A couple of months ago I read James K. Wellman's book entitled Rob Bell and the New American Christianity. It is interesting to use Rob Bell as a case study for speculating the future of American Christianity because Bell's theological understandings have been over simplified from the back lash of Love Wins*.
Bell's theology not only is influenced by Process Theology and Rene Girard but also things like spiral dynamics integral and Radical Theology and Evangelicalism. Bell, like each one of us, is much more complex than we like to believe.
Anyway, one of the things that Wellman talks about are people who are "Spiritual Virtuosos". I cannot recall if he coined this term or is citing some research on this sort of topic, but nonetheless the phrase "Spiritual Virtuoso" captured my imagination.
Here are a list of embodied qualities of a "Spiritual Virtuoso":
- inner personal authority
- confidence mixed with vulnerability
- willingness to break with religious customs for the sake of spiritual and moral principles
- detachment from, though not a rejection of, social structures
- ascetic—practicing self-denial relative to physical and sexual needs
- little interest in gaining followers, or creating a social movement
- focused on personal salvation and more other-worldly
- willingness to embrace martyrdom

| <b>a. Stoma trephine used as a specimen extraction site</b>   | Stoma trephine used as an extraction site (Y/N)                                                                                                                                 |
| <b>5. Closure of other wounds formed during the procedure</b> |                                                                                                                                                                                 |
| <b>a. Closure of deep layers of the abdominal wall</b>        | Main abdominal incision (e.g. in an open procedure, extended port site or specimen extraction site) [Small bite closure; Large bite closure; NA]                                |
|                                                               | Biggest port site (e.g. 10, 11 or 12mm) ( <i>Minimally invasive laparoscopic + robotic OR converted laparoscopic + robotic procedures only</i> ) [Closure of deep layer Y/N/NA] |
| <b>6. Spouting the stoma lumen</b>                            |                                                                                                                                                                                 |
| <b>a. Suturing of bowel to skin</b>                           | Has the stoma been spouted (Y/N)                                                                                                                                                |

- followers are attached to principles over person (less forgiving of a leader’s faults)
- authentic humility and openness
I don't know what to do with this at this point, but I wonder if one is born or one becomes a virtuoso. Do the Spiritual Disciplines help create virtuosity?
There are a number of great insights in this book and I encourage anyone interested in the future of American Christianity to consider reading this.
One of my favorite lines from this book?
Laughing as he said, ‘One of the most lethal aspects of that word—heretic—is that it ends discussions, rather than starts them.’ Turning more serious, Bell warns, ‘And that’s why I think it’s so dangerous. It ends discussion, and it’s holding hands with violence.’
*The thing about it though is that Love Wins is really not as controversial as Jesus Wants to Save Christians, but Love Wins is a 'sexier' topic.